Resigning from a church is never an easy task. Whether your ministry experience was good or bad, when it comes time to leave there is a right way and a wrong way to do it. As a married couple needs little advice, pastors who leave loving churches don't need much counsel. Love covers a multitude of sins. Those more in need of counsel are those whose departure is more akin to a divorce.

How should you resign? Much depends on your personality and relationship with your church, yet some basic principles apply to most situations.

Look up

Remember the focus should be on Jesus.

Some pastors view their resignation as an opportunity to say everything they never before felt the freedom to say. They use the occasion to air their dirty laundry, to jab back at folks who were a thorn in their side, or to "set the record straight." This should not be. The focus of your resignation, like the focus of your life and ministry, should always be on Christ.

If Jesus, from the cross, could pray, "Father forgive them," should you do less as you leave a difficult church? If they have not heeded your words while you were their pastor, they will certainly not listen to you on your way out. Don't confirm the gossip of those who accused you of being less than a pastor should be. Take the high road.

This also means removing as much of the emotion as possible from your resignation. Standing before the congregation on Sunday morning and shocking them with your prepared statement may not be the best approach.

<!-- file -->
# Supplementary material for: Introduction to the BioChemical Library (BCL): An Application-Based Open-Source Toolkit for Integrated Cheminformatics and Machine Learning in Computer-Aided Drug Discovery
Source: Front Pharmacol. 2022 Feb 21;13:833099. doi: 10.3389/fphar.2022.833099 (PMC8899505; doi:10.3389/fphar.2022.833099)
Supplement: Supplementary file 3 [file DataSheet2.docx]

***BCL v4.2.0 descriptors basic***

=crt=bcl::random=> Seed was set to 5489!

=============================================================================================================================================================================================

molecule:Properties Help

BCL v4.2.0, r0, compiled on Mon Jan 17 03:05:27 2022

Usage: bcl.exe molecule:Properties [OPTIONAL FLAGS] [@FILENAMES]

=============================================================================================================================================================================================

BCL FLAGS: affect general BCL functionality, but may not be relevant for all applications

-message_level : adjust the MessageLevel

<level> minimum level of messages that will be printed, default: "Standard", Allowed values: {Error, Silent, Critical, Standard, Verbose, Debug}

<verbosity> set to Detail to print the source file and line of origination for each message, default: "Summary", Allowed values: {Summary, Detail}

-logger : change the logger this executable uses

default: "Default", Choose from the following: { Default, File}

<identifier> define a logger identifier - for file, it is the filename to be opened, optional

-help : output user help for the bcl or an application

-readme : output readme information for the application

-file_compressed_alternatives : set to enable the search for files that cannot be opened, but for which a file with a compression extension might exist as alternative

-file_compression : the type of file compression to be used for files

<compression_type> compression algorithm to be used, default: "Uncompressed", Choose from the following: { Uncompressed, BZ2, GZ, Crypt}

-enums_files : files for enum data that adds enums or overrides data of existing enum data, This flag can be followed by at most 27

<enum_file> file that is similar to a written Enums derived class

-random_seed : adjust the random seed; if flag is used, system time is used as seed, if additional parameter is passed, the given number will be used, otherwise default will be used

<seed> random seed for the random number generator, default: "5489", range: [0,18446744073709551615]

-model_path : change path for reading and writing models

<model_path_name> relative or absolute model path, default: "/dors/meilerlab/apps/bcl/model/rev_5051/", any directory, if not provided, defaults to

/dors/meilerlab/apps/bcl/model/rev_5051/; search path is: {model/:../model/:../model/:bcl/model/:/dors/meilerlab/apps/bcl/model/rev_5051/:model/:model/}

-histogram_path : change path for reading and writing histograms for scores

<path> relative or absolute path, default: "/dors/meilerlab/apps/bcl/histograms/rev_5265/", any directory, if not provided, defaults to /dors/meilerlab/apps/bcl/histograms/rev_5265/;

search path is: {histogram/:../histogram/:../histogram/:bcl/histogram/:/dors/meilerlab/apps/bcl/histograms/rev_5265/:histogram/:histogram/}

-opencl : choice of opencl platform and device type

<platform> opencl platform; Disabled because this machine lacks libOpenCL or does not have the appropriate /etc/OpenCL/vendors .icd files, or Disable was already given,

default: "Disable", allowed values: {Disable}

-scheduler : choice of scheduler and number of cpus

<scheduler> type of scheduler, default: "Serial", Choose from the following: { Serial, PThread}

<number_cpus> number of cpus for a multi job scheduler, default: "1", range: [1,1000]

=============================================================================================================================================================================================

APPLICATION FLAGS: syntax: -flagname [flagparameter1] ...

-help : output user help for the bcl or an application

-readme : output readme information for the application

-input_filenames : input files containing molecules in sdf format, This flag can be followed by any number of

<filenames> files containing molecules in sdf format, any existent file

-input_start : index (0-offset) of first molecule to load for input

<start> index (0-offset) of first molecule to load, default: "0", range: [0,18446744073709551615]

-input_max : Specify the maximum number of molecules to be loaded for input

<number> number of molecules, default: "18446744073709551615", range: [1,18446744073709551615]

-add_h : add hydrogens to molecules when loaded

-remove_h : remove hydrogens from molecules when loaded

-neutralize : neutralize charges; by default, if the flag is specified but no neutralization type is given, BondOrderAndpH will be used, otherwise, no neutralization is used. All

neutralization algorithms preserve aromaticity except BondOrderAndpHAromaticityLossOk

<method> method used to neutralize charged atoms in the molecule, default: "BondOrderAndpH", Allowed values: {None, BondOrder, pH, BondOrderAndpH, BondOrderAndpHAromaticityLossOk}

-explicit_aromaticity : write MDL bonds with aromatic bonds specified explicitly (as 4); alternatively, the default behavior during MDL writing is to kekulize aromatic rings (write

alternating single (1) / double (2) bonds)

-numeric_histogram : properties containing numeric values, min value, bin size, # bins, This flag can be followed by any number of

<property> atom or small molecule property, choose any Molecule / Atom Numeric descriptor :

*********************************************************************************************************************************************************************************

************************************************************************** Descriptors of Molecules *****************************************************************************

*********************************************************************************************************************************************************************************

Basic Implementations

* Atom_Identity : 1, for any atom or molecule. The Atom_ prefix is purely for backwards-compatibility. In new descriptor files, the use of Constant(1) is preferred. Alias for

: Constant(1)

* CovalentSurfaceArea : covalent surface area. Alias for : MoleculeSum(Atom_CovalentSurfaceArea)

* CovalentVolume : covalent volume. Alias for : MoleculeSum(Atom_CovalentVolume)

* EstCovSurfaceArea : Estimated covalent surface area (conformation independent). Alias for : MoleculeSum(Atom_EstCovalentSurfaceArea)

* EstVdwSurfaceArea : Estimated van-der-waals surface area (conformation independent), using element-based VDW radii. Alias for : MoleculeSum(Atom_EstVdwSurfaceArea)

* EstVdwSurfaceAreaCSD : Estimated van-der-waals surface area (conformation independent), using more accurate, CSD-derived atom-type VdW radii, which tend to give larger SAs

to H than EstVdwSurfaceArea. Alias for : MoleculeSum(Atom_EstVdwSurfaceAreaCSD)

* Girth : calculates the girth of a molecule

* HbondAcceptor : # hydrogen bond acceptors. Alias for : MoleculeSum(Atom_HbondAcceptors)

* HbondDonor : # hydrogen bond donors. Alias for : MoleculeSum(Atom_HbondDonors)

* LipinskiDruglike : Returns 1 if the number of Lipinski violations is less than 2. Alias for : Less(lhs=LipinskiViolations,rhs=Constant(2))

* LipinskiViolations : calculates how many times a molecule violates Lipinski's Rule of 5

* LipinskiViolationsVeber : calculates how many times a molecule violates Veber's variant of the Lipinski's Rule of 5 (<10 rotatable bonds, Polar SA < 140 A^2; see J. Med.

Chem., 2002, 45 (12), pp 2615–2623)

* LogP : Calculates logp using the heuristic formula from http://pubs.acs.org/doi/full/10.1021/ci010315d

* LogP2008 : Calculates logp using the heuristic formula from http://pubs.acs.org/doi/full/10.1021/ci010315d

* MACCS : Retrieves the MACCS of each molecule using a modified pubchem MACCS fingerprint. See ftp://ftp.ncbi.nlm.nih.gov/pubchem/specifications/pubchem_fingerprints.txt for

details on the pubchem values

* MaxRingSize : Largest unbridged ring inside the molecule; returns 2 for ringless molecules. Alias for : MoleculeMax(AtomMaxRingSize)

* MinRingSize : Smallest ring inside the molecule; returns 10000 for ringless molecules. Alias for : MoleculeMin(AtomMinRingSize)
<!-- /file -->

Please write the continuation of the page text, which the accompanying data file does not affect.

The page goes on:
Consider writing a letter and sending it to the entire church body. Send it on a Wednesday afternoon. You and your secretary can do this with a great degree of discretion, and then everyone in the church will know about it before Sunday. This approach keeps the emphasis of the worship service on Jesus and not on the shocking announcement you make before the service is over. It also keeps the rumor mill from running amuck.

Look around

Remember the people you came to serve.

While some churches are more difficult to leave than others, there will always be people who have looked to you as their spiritual leader. They will continue to do so after you have left. You are their picture of what Jesus should be like, so the way you handle your resignation will deeply affect their lives. Think about how your words will affect these lambs in the flock. Season your words with salt so as to heal and not to wound. Be a peacemaker. There are always positive things to say, even about the most difficult of circumstances.

  • What has God taught you during your stay here?

  • How have you grown?

  • What are you grateful for?

  • Have you developed some good friends?

  • Has God sustained you? If so, what words of praise can you offer Him?

People want to see that the message of love and forgiveness you have preached is something that can be practiced. If you can't do it, what hope do they have? There is no better opportunity to prove this than when you resign.

Furthermore, what about the people with whom you served? Were there fellow staff members who encouraged you and helped you make it through the valleys? How you leave will affect them, too.

Look ahead

Remember that God is calling you to something, not from something.

Your excitement about your new calling should be evident as you move. The way you leave will invariably affect the way you arrive. As you resign, remember that in this digital age you never know if your words turn up on the internet. Don't say something as you leave one place which would, if broadcast, hurt you at the next. Remember that God has allowed you these experiences for a reason. He constantly prepares you for the next step. Get past the past and focus on the new thing God is doing.

You can resign with grace. It's a choice you make. It's a legacy you will leave.

Dr. Calvin Wittman is pastor of Applewood Baptist Church, Wheat Ridge, Colorado. He serves as a trustee at Criswell College, and regularly contributes to Open Windows, a monthly LifeWay devotional publication.